Sometimes the lines get blurred. Most of the times, with the exception of such things like rape and genocide. I intentionally left out cannibalism for one simple reason: Uruguayan Air Force Flight 571, an instance where cannibalism is definitely not wrong. After all, they didn't kill folks to eat them, they ate the already deceased.
In fantasy the trend was, for the longest time, good clean PG-13 fun. People may die, but it's never violent. Ask any victim of war, it's never family friendly, otherwise we would not have any refugees but mega sales for whatever snack-food these people consume as they observe the battles on their sofas. Combat is bloody, and definitely not nice! Reality has the annoying habit to ignore diverse ratings boards. Pesky reality. Unlike the movies, and many family friendly fantasy novels, living wasn't nice and easy as a farmer's child, or as a soldier in the front lines. History is full of battles were warriors had to wade through entrails and blood and feces, that is nothing spectacular, to them, or to anyone who has been in a war zone, so these people are bound to not be as traumatized as a non-combatant caught in the middle. (Then again, being caught in the middle of two clashing medieval armies usually meant one turned into minced meat.) But even the "civilians" had more experience with blood and guts than us 21st century folk. Nowadays we buy our meat at the supermarket, neatly packed, pre-cut, ready to be cooked. How many of us can say that we have taken part in the butchering of a pig or piglet or cow or calf? How many of us see butchers doing their work with blood being swept onto the street in front of their shops? Not all of us are hunters, most of us have never shot a gun at anything other than some sort of non-living target, or seen blood from more than a paper cut. Some of us have had broken limbs, or worse.
But frankly, seeing a broken leg with the fractured bone ends sticking out and the victim screaming suffices to drive home the fact that we are fragile creatures. How many of us have ever truly considered how the meat for our steaks is gathered? How many want to?
Grimdark is a reaction to the glossed over stories of shining heroes in shining armors whose swords never rust or get bloody and who still win the day. Who knows, maybe even those heroes' shit shines? We cannot identify with heroes. Sure, we would like to be Luke Skywalker, or Samwise Gamgee, or any number of archetypical folks, but fact is: more often than not it is not the bad guys that die! We're far too jaded, far too bombarded by the shit that goes on in the places of power to still buy into the delusion that the good guys win and the bad guys lose. We learn that before Pearl Harbor, American oil companies did smashing business with both sides of the Second World War. That normal people do not matter to the folks we elected into power. That most bosses don't give a flying fuck about their employees' wellbeing and will fire people just to see their stock prices rise.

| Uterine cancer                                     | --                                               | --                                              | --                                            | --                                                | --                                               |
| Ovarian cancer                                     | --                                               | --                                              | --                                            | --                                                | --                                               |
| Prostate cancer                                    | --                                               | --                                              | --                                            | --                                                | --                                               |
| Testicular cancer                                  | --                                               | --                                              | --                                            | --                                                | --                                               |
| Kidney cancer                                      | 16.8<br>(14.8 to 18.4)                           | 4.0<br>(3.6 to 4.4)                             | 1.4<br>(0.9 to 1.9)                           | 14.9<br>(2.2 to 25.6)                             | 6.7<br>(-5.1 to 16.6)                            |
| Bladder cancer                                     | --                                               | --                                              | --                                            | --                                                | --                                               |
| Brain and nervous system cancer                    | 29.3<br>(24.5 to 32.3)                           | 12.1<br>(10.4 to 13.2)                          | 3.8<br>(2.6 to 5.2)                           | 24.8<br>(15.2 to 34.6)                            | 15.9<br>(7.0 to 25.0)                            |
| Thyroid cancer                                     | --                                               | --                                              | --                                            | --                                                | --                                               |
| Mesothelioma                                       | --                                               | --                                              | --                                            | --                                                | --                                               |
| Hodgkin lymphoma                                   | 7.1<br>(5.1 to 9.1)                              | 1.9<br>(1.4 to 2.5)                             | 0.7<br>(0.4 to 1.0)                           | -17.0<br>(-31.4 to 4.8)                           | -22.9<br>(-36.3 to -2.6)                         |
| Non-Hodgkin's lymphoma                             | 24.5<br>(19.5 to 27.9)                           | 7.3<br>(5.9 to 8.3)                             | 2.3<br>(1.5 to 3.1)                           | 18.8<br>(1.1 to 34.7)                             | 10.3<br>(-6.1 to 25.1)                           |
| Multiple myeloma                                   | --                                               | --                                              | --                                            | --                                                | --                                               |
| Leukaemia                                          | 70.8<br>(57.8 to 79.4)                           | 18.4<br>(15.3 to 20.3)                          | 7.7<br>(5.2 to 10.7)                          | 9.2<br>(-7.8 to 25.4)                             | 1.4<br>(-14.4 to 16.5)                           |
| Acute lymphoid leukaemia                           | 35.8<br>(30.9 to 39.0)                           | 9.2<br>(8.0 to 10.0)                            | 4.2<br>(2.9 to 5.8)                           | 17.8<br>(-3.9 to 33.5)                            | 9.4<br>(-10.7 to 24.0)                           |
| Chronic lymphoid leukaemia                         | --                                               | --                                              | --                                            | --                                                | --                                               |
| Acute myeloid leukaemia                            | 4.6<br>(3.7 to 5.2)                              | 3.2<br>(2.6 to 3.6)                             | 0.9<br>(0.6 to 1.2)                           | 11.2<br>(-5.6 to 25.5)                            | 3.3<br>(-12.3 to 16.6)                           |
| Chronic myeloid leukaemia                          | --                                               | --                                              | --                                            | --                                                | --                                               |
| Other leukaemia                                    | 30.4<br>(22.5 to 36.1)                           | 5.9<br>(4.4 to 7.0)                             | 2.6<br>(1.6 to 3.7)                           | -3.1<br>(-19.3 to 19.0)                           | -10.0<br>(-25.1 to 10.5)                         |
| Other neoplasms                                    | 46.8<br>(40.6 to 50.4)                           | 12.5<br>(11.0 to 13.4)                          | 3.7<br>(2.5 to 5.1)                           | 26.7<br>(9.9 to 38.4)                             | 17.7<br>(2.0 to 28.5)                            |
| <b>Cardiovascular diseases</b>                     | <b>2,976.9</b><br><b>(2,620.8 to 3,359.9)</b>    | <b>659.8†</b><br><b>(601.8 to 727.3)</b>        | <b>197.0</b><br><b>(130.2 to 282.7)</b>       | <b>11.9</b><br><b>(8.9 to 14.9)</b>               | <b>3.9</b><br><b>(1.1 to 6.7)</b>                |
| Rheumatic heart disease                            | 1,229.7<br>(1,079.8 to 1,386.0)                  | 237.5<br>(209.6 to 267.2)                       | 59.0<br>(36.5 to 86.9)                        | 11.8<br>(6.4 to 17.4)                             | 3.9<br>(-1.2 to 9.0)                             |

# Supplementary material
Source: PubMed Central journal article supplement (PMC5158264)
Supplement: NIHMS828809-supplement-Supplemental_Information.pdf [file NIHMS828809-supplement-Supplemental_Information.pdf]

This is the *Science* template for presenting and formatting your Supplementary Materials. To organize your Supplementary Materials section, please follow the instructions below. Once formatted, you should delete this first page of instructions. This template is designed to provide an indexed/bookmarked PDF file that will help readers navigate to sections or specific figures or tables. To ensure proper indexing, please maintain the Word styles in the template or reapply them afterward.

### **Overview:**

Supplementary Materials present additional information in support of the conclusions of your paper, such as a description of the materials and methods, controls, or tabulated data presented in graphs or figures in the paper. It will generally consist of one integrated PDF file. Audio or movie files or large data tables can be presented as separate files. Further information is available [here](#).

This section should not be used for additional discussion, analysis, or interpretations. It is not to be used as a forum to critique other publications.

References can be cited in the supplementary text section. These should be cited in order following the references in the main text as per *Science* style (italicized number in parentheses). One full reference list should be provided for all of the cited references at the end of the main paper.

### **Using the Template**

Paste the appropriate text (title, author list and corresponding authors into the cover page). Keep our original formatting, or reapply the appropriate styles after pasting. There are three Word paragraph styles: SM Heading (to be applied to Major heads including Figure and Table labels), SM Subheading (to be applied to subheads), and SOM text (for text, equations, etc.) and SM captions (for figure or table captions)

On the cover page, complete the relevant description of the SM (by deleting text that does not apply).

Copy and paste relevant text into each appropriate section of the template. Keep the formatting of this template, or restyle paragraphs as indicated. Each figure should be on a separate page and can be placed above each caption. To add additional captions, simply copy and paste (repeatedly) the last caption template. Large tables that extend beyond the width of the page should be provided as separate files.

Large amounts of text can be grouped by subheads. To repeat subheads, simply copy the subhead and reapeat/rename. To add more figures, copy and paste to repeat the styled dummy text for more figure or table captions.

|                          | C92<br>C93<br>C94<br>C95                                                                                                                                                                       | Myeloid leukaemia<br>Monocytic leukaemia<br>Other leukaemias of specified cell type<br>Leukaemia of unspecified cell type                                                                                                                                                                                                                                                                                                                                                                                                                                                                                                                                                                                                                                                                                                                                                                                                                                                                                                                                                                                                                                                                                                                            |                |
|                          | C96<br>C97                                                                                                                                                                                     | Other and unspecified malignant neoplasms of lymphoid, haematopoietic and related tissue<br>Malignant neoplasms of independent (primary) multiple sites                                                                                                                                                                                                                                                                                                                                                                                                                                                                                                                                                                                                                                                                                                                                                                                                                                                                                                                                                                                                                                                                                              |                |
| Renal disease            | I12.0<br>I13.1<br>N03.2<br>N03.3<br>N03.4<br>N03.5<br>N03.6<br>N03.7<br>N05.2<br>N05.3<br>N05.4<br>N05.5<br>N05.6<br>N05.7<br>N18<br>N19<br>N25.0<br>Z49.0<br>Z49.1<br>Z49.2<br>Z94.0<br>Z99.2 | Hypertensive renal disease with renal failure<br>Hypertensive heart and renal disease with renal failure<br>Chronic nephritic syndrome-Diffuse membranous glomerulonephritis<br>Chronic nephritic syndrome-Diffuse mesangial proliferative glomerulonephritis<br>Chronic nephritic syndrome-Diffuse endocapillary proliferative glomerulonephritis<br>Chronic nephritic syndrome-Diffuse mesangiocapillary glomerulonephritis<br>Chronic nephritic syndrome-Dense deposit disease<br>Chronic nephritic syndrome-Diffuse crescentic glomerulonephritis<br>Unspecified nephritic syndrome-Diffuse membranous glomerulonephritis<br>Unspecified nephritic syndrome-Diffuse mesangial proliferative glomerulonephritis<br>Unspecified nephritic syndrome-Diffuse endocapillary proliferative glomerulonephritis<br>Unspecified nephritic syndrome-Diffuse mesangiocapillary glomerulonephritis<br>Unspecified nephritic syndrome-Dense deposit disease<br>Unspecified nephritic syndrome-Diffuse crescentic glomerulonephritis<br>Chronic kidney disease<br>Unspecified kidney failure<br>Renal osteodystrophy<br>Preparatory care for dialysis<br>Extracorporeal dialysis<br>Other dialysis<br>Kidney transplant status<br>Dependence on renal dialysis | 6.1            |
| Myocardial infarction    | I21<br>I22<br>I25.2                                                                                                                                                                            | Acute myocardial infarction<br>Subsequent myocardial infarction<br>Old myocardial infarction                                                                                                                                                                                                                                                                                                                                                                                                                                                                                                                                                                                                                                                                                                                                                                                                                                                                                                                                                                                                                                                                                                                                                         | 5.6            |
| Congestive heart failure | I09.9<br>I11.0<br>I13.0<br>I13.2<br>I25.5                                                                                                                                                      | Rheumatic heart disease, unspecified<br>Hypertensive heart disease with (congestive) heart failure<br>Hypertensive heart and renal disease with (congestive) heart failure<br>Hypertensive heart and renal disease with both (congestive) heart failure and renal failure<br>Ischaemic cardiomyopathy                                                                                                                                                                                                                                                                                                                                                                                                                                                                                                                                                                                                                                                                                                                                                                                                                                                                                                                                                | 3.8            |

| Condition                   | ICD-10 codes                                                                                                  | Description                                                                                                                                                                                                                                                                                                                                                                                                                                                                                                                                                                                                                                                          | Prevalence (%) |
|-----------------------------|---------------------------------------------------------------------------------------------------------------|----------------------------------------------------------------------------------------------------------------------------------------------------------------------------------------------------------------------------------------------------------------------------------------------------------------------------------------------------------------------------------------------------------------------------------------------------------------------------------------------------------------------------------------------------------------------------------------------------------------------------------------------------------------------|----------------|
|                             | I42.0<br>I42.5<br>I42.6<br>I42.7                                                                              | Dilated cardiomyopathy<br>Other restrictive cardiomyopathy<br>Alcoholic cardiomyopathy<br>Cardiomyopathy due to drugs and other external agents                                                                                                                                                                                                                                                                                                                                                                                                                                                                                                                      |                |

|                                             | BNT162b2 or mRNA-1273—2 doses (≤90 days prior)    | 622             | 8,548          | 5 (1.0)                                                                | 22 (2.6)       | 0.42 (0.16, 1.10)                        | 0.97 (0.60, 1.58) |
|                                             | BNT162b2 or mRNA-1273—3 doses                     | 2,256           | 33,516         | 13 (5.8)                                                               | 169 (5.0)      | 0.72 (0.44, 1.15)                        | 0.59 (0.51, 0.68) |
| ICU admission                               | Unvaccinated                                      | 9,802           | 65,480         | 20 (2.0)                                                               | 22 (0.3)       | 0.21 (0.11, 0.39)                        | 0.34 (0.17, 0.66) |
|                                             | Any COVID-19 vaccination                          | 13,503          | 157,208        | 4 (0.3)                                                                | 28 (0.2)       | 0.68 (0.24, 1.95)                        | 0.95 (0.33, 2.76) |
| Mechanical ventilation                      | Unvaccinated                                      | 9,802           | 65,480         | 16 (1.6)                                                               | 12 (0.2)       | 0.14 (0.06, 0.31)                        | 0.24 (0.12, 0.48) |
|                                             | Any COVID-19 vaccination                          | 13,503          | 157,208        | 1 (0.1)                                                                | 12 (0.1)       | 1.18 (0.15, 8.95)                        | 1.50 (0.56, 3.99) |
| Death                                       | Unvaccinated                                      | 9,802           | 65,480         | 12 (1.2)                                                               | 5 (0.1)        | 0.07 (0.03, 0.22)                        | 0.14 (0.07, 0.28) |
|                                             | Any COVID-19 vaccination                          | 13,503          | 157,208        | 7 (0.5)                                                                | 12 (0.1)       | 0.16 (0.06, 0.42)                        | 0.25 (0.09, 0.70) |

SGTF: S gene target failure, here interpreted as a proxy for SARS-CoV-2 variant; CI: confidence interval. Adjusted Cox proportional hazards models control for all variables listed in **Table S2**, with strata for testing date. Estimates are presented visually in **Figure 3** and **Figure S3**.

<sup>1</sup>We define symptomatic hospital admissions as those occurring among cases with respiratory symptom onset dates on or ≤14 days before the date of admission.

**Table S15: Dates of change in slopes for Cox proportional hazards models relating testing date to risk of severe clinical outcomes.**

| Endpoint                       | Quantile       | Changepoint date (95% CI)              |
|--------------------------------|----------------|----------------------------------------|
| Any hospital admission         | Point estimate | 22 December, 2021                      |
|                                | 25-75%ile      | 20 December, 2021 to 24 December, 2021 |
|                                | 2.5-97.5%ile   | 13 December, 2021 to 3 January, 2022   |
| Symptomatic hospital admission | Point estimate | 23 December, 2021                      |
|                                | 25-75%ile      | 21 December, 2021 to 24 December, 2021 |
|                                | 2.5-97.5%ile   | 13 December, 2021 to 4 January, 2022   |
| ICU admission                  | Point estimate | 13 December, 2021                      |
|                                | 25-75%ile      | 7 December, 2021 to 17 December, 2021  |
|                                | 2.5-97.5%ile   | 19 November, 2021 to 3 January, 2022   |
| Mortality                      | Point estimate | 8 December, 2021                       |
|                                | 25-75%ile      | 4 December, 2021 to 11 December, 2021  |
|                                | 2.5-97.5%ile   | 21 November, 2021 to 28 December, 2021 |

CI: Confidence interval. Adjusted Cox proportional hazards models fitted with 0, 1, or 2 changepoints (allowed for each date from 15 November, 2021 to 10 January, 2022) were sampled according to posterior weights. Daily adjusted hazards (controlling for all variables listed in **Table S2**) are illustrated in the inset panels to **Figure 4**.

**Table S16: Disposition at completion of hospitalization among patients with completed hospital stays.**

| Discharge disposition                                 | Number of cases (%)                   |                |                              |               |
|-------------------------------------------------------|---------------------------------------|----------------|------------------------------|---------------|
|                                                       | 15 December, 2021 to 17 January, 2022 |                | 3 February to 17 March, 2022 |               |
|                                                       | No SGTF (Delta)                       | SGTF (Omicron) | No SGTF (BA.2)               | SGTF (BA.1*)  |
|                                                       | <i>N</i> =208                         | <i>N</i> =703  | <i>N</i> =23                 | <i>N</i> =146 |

If bad guys were the ones to die, we would not have such "leaders."
We know all this. Which is why we have more and more trouble, the more we know, to accept the heroes of yore. The guy who rescues a potential rape victim is just a guy, a hero to the victim certainly, but a lawbreaker to the officials because he also broke the rapist's jaw and nose. In fiction, such a character might be the protagonist, and he might not only break a few bones but the rapist's spine for good measure, because he has seen firsthand how rape victims wither. Hells, he might even kill the rapist. Not only that, but he might get away with it as well. – Not the actions of a "good" guy, but certainly the actions of a guy.
We don't need heroes, we sure as fuck don't need more psychopaths and sociopaths, but we need people, flawed and broken, who despite all that do what needs to be done. That to me is grimdark. That to me is realism in fantasy.
(Allan, here. To learn more about Ulff, go to: www.amazon.com/Ulff-Lehmann/e/B01M3NGFOL/ref=dp_byline_cont_ebooks_1